(v) comparing a plurality of said at least one of minimum values and maximum values determined in step (iv) to a predetermined condition, and
(vi) issuing a trigger signal when a succession of said plurality of minimum values conform to said predetermined condition.
9. A method according to claim 8 wherein step (iv) comprises determining minimum values in the signal output by the light receiver as the at least one tooth of the rotating cutting tool interrupts the light beam.
10. A method according to claim 9 wherein step (v) comprises fitting a plurality of said minimum values to a polynomial expression.
11. A method according to claim 10 wherein the polynomial expression is derived from a previously acquired calibration curve.
12. A method according to claim 11 wherein step (vi) comprises issuing a trigger signal when the minimum values that are fitted to the polynomial cross a predetermined threshold.
13. A method according to claim 12 wherein step (vi) comprises performing an extrapolation to predict when said predetermined threshold will be crossed.
14. A method according to claim 8 wherein the signal output by the light receiver comprises a voltage signal.
15. A method according to claim 8 wherein step (v) comprises determining maximum values in the signal output by the light receiver as the at least one tooth of the rotating cutting tool interrupts the light beam.
16. A method according to claim 8 wherein the predetermined condition is selected such that a trigger signal is issued when the rotating tool is moved into the beam.
17. A method according to claim 8 wherein the predetermined condition is selected such that a trigger signal is issued when the rotation tool is moved out of the beam.
Description

This invention relates to a device and method usable for analysis of a tool during its use with a machine tool, in particular but not exclusively for determination of the position of a tool.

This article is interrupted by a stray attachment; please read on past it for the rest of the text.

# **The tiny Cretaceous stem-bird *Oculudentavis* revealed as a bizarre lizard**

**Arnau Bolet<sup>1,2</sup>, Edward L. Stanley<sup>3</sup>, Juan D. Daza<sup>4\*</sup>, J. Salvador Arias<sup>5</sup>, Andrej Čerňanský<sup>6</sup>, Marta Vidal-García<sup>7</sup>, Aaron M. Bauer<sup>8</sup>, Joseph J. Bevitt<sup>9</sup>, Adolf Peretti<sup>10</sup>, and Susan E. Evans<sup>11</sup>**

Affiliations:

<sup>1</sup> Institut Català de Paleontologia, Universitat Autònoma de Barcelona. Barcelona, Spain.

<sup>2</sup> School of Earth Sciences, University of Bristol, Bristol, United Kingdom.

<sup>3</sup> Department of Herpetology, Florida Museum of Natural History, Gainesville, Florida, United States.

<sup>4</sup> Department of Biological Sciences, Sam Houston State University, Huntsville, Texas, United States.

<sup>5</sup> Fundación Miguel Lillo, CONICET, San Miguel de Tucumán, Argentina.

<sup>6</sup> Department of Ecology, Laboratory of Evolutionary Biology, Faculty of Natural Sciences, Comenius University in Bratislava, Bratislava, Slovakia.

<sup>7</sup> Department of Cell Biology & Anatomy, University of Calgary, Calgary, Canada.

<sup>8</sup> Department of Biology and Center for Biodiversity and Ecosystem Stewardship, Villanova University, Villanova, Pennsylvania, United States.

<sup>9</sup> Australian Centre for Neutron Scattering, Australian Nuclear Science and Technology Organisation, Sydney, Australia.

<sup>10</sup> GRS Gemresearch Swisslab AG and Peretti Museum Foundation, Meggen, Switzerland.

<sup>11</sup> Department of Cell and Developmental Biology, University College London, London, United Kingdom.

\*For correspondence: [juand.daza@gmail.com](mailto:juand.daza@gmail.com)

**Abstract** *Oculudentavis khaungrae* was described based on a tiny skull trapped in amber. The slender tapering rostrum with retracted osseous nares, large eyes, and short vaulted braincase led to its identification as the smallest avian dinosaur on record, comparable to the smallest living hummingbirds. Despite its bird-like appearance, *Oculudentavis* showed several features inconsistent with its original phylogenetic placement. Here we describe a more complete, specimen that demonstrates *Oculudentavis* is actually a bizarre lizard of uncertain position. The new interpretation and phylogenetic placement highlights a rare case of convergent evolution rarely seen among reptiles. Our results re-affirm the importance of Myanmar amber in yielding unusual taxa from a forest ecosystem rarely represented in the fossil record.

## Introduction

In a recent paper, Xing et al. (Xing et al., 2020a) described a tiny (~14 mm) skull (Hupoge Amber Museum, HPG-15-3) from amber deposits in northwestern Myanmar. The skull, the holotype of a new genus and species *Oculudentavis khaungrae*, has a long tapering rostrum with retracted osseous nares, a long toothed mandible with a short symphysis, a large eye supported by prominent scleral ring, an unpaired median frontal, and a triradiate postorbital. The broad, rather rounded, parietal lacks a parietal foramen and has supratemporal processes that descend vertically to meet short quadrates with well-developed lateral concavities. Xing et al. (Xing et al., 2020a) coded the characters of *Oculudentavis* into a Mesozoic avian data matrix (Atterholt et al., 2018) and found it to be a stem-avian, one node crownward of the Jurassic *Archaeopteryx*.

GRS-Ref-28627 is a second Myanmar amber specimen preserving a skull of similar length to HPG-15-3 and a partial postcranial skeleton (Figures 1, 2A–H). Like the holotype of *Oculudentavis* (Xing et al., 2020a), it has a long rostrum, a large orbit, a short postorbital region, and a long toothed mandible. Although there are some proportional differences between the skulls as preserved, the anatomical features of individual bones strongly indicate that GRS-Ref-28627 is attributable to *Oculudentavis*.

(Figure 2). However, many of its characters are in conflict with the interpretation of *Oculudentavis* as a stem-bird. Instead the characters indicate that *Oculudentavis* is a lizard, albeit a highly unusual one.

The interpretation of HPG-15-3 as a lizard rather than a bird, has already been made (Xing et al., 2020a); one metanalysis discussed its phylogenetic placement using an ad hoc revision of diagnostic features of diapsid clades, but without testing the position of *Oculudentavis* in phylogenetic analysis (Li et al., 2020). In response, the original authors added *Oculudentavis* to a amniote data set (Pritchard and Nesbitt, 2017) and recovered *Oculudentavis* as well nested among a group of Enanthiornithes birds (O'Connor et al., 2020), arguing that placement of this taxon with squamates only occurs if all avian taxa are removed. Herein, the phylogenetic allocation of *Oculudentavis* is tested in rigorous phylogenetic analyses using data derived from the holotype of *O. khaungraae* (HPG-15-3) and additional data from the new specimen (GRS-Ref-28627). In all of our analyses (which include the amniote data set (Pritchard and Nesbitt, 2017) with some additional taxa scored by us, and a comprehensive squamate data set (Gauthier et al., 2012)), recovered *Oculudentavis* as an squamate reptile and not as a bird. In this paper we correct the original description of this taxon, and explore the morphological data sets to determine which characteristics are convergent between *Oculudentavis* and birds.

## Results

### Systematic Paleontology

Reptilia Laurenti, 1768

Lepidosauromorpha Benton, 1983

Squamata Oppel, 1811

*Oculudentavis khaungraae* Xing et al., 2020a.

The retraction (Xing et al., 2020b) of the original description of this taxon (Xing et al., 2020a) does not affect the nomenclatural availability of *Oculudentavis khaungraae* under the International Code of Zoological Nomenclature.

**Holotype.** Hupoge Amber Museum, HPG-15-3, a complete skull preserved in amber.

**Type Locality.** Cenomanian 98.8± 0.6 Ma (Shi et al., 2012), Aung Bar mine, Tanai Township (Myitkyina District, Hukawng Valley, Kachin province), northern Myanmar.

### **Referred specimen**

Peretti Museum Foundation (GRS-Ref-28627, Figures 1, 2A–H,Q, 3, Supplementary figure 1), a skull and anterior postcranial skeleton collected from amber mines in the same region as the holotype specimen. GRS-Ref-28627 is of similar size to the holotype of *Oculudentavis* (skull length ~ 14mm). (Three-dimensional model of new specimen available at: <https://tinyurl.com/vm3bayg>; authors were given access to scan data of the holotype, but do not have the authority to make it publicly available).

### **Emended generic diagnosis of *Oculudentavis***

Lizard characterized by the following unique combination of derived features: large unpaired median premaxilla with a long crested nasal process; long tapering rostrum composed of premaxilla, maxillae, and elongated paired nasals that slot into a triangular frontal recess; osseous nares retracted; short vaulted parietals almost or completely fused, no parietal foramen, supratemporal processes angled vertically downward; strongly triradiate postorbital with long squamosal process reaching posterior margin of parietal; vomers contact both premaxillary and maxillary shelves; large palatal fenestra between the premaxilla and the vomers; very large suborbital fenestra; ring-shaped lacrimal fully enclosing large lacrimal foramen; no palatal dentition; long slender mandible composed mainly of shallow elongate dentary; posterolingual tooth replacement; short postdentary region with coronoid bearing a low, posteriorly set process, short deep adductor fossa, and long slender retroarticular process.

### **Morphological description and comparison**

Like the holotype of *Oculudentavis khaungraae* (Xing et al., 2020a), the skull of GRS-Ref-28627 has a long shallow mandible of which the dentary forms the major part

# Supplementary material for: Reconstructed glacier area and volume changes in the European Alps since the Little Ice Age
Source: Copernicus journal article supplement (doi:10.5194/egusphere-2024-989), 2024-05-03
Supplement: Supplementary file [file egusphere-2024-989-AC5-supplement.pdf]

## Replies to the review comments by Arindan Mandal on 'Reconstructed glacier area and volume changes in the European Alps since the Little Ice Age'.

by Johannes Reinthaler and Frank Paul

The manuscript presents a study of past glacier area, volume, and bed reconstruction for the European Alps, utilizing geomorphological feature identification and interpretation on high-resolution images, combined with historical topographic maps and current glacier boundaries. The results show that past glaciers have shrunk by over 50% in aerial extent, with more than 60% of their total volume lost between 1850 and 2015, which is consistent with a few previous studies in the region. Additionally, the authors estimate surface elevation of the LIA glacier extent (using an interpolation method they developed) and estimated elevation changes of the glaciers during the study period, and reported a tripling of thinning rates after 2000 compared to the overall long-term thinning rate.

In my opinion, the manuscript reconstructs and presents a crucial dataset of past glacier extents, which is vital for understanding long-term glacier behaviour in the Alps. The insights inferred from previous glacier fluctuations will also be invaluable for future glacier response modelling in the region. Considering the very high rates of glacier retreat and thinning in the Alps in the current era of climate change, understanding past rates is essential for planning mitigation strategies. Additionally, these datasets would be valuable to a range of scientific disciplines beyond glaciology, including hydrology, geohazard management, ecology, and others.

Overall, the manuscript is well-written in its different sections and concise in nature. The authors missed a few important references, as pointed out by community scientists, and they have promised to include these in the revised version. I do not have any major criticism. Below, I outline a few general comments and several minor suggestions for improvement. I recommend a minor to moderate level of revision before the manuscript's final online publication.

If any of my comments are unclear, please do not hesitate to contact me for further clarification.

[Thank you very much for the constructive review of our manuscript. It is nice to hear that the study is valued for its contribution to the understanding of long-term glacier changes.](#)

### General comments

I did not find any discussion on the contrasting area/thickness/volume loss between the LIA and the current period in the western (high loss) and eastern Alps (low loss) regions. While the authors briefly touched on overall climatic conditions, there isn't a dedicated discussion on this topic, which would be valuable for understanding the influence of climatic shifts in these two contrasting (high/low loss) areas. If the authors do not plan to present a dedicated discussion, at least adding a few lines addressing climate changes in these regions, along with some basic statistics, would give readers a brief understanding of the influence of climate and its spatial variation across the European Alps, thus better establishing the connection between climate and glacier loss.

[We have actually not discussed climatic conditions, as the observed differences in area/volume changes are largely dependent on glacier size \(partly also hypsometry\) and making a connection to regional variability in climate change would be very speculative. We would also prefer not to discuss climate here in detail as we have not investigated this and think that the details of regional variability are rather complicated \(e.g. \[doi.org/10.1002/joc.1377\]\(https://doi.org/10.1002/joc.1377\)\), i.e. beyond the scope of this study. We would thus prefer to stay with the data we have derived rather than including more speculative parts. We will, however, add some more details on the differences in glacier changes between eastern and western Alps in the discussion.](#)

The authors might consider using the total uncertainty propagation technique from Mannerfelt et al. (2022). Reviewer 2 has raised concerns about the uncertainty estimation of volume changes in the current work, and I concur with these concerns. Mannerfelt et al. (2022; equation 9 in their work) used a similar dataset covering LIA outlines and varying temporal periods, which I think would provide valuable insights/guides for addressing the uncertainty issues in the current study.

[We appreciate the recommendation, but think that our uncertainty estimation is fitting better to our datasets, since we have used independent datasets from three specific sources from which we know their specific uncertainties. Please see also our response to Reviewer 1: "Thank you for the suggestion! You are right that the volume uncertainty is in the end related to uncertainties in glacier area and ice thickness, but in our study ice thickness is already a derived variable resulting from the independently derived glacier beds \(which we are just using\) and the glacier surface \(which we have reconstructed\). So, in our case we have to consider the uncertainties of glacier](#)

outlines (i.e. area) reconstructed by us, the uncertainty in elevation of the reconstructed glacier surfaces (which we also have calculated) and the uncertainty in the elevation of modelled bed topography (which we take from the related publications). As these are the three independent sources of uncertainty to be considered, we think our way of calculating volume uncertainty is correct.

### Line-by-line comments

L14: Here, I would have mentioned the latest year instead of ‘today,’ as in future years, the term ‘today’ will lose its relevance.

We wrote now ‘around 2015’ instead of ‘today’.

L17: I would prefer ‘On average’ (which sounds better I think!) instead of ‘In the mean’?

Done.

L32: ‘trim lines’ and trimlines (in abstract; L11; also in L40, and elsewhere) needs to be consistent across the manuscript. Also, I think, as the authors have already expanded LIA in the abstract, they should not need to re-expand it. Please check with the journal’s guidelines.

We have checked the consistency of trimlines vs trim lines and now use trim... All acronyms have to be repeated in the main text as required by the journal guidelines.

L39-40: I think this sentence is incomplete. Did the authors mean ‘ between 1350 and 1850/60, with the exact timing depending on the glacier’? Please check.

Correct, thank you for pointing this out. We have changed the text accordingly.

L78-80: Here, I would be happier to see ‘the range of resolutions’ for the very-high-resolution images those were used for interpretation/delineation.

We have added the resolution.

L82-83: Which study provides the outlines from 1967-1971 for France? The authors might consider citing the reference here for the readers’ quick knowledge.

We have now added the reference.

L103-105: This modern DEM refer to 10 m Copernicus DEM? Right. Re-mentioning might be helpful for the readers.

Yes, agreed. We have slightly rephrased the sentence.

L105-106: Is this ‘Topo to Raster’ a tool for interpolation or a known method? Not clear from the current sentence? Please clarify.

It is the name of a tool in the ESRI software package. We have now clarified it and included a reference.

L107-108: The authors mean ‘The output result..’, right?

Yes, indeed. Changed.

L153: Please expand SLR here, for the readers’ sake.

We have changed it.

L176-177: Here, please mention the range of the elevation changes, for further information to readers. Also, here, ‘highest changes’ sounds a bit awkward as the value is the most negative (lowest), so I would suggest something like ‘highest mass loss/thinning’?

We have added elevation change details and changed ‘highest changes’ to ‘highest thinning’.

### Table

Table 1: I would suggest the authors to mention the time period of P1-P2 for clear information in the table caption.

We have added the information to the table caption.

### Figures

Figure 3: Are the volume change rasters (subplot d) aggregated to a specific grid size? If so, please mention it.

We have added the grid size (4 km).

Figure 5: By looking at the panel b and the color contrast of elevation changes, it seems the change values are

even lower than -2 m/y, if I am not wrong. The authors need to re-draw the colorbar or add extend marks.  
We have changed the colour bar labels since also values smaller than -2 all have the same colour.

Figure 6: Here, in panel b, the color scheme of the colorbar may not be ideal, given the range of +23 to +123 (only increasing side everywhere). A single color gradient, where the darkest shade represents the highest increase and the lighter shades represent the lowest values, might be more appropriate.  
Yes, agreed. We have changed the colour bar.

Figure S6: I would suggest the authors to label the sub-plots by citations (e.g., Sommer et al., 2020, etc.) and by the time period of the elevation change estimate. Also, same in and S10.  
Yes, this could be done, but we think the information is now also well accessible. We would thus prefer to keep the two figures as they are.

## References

Toolsetting devices for determining the position of a tool, which use a break beam system are known. EP1050368 A1 describes in detail one system which has a light transmitter and receiver. The transmitter produces a beam of light and a receiver has circuitry which produces a signal when obstruction of the beam is detected. When a predetermined level of beam obstruction e.g. 50% is reached then the signal strength from the receiver is reduced such that a trigger is produced. The trigger occurs when a tool is present in the beam path.

A toothed cutting tool has to be rotated in order to find its cutting diameter. Usually it will have at least two teeth, one of which may be taller than the other and so that tooth will circumscribe a larger diameter than the other(s). When the tool is brought into the beam path the tallest tooth may be at any point and so the repeatability of the trigger will vary. For example if a tool rotating at 1500 rpm is moving towards the beam at 6 mm per minute then the feed per revolution would be 61500 which equals 0.004 mm. So, the repeatability of the trigger will be no better than 4 microns because the largest tooth may break the beam anywhere in that feed per revolution distance. The feed per revolution of the measurement limits the speed at which the tool can be driven into the beam and so slows the detection rate. Detection speed needs to be maximized for quick operation of the machine tool, whilst repeatability needs to be maximized also, requiring slow feed rates.

One known way to increase detection speed is to move the tool quickly toward the tool setting device and once detected to back off and then move in slowly to determine the tool's position. This procedure, whilst saving some time, is still relatively time consuming.

According to a first aspect the present invention provides a tool analysis device for use on a machine tool comprising a light emitter and a light receiver, the light receiver in use receiving light from the emitter and producing a signal indicative of the amount of light being received, wherein the device further comprises a converter for providing data having a numerical representation of the signal produced by the receiver and comprising also a processor for processing that data and for producing an output when the data conforms to a predetermined condition.

The processor may be a digital signal processor (DSP) operative to process the data according to an algorithm.

According to a second aspect the invention provides a method for processing an analogue signal resulting from light falling on a light receiver of a tool analysis device for use on a machine tool, comprising the steps of: